Christians are good at supporting suffering people. The Salvation Army’s mission, as coined by General John Gowans, is to “save souls, grow saints and serve suffering humanity.” Sometimes, though, we forget that we are included in suffering humanity. And sometimes we forget that there is more to serving than practical support.
We are called to be compassionate. “Compassion” comes from the Latin compassio, literally “to suffer with.” Paul puts this well in describing the fellowship of Christ’s body to the church at Corinth: “God has so arranged the body … [that] the members may have the same care for one another. If one member suffers, all suffer together with it” (1 Corinthians 12:24- 26 NRSV). He repeats this to the Roman church: “Rejoice with those who rejoice, weep with those who weep” (Romans 12:15 NRSV). Why this calling? Suffering isolates. Suffering people like me need a community willing and prepared to break down that barrier and suffer with us.
What does compassion look like in action? Compassion is not taking on the suffering of another the way Jesus took on the suffering of the world. It does mean wanting to do so, like a mother yearns to change places with her suffering child. Compassion is not providing answers to questions that are as profound as suffering.
“Why, God, do I have ALS?” “Why, God, was I abused?” “Why, God, is my child addicted to meth?”
We may want to answer, but the old standbys can be received as cold comfort. When we skip forward to the happy ending, we fail to read the pages and pages of a person’s suffering.
Compassion means being present with the person and grieving with them as they grieve. One way of doing this is through lament, something we don’t often practise together anymore. Lament is prayer to God uttered out of the sorrow, confusion, even anger felt in suffering. It takes courage to admit to a suffering person that we cannot explain their suffering. It takes even more courage to call on God for answers.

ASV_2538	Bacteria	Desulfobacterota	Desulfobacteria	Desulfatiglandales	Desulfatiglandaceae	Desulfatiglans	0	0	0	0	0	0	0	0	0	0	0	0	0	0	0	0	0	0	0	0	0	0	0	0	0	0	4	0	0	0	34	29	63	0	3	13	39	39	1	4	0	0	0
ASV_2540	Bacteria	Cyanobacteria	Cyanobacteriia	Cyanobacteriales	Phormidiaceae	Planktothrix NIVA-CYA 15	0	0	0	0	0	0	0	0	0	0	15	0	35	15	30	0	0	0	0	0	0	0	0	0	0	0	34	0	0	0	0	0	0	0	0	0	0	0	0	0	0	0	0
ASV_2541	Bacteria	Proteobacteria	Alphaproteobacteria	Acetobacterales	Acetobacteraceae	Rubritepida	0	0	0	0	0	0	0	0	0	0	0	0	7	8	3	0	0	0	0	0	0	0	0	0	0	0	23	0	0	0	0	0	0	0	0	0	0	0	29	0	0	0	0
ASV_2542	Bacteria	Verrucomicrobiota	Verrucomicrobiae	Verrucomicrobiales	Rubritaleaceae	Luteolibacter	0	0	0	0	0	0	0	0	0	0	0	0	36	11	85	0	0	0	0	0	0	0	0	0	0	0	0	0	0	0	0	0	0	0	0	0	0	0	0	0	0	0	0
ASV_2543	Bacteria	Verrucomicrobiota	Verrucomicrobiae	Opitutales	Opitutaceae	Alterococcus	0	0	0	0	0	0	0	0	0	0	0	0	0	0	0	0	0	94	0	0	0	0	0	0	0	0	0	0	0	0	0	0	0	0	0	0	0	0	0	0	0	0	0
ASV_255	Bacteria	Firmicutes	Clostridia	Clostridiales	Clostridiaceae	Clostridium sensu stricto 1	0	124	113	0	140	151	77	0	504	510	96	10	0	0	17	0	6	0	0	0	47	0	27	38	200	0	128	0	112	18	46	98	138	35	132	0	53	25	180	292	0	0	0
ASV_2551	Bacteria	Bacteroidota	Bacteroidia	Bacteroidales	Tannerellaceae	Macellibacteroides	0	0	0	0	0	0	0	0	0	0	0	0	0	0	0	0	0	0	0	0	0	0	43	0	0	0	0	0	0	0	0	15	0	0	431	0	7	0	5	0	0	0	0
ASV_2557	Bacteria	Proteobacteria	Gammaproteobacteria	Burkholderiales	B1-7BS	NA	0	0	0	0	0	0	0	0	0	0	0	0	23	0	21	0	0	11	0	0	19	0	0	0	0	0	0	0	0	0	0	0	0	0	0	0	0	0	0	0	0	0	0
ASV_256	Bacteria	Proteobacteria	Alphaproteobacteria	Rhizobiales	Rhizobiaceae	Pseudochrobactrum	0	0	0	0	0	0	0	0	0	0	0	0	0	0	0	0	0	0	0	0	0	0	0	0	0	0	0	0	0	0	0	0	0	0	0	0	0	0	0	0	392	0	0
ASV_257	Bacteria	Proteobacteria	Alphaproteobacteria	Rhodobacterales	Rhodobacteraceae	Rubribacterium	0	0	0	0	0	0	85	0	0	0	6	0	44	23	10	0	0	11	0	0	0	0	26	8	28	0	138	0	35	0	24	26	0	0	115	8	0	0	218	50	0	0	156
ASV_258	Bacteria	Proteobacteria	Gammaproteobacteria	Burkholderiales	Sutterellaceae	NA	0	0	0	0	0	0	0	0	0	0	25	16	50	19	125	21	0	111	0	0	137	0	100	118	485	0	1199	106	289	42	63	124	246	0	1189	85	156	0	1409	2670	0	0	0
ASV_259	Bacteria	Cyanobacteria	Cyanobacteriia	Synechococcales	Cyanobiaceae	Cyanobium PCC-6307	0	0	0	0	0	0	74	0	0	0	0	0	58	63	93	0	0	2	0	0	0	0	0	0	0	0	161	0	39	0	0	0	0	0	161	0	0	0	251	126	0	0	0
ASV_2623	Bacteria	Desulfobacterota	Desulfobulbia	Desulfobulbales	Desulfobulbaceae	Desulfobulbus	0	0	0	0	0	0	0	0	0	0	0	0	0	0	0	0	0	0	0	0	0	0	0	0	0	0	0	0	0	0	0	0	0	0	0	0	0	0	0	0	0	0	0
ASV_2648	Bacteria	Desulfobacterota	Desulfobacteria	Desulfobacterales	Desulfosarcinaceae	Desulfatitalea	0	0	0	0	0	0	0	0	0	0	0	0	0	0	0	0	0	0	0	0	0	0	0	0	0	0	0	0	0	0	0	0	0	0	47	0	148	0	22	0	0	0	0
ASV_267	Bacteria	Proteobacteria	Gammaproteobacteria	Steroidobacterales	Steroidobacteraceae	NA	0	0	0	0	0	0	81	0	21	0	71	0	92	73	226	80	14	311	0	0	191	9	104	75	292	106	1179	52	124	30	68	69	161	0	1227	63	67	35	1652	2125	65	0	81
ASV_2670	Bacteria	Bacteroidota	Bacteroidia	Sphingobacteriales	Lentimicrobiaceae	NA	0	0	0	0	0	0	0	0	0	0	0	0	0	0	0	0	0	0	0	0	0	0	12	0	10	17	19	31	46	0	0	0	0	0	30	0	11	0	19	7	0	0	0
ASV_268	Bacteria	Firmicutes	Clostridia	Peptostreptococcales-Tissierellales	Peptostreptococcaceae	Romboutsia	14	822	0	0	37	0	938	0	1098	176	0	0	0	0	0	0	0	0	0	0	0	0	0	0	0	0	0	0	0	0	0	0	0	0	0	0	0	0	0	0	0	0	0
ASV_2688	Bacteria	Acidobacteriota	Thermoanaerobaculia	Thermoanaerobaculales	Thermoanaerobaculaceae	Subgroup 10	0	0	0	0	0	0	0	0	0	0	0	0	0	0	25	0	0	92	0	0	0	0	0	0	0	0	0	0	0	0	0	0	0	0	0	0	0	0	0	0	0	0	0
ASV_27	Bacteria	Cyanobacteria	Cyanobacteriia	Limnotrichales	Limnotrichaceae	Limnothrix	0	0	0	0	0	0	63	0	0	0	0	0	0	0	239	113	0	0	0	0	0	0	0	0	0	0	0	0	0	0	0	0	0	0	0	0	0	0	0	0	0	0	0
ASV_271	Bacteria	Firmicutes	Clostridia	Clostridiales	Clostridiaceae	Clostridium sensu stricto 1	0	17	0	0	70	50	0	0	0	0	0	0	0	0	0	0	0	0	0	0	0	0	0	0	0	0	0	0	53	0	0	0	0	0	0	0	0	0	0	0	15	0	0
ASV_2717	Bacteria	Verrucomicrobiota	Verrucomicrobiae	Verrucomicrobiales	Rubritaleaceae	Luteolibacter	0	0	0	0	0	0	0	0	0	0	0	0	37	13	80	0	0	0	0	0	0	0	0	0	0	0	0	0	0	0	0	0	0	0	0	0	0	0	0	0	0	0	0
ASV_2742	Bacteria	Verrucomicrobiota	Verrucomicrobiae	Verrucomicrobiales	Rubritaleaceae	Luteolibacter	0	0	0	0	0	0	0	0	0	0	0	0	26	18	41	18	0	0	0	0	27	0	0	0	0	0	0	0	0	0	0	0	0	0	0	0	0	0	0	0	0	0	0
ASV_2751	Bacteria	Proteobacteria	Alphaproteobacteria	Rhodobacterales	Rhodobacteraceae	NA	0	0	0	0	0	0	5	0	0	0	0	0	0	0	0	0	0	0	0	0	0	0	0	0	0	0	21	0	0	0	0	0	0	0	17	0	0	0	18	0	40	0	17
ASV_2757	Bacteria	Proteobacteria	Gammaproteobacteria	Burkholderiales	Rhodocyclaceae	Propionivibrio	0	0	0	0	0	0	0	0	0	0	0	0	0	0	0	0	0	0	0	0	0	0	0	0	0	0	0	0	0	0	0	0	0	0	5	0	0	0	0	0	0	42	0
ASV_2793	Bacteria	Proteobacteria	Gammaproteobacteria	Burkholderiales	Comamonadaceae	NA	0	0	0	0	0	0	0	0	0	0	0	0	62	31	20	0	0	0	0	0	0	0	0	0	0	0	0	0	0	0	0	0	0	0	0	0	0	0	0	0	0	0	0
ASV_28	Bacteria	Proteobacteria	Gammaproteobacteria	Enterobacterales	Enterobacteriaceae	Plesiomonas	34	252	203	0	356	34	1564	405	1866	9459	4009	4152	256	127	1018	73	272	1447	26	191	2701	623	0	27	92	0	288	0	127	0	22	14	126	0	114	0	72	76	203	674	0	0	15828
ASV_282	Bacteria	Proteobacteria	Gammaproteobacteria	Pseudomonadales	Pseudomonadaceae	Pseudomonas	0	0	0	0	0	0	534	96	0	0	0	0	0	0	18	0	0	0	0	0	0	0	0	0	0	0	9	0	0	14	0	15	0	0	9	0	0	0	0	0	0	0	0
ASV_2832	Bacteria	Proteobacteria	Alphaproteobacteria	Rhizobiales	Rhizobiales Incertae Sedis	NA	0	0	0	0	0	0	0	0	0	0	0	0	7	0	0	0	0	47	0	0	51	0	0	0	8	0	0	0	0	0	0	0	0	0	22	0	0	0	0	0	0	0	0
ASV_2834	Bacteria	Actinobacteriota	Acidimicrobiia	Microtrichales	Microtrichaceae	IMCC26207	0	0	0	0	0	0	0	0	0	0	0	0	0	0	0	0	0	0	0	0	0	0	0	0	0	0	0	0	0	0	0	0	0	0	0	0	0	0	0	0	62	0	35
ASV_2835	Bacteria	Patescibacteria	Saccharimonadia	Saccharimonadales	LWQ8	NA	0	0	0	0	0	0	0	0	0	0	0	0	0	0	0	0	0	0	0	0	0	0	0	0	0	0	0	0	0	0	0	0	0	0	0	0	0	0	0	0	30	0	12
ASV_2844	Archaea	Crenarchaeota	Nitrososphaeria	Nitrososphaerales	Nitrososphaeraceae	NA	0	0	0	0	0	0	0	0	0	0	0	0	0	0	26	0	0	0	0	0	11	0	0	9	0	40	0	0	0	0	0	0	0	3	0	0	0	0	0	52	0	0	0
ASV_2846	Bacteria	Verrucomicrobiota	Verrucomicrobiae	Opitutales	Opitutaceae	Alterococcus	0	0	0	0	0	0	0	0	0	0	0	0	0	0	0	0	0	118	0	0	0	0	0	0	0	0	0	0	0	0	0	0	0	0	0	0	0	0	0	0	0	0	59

But this is what people in the Bible do. The voices in Lamentations grieve together as a people rejected by God. Jeremiah asks God why his pain is unceasing and his wound incurable (see Jeremiah 15:18). Job demands to know why God is hiding (see Job 13:24). And psalmists beg God for redemption:
Rouse yourself! Why do you sleep, O Lord?
Awake, do not cast us off forever!
Why do you hide your face?
Why do you forget our affliction and oppression?
For we sink down to the dust; our bodies cling to the ground.
Rise up, come to our help.
Redeem us for the sake of your steadfast love (Psalm 44:23-26 NRSV).
Even Jesus cries, “My God, my God, why have you forsaken me?” (Matthew 27:46 NRSV).
The language of lament is strong! Perhaps that is why we fear it. But if those who lament in Scripture have anything to teach us, it is that God would rather receive the angry accusations of a faithful follower than the empty applause of a lukewarm worshipper. Suffering people need strong language to give voice to the indescribable evils we suffer. It’s cathartic, part of holistic healing.
Lament (almost) always ends in a word of hope—the kind of hope that can be claimed even by a person in profound suffering: “I believe; help my unbelief!” Sometimes this help comes directly from God in personal prayer. But I doubt I would believe in God today if my community had not shored up my belief with the hope that can endure despite suffering.
How can we rehabilitate lament as a community? We might start by using the mercy seat as a place of lament in suffering. Or by reading Psalms of lament together to express our grief and suffering. The important thing is that we lament with people who suffer.
Compassionate communities are wise enough to admit they don’t know why suffering is taking place. They are courageous enough to join suffering people in asking God questions we can never answer on our own.
Dr. Aimee Patterson is a Christian ethics consultant at The Salvation Army Ethics Centre in Winnipeg.
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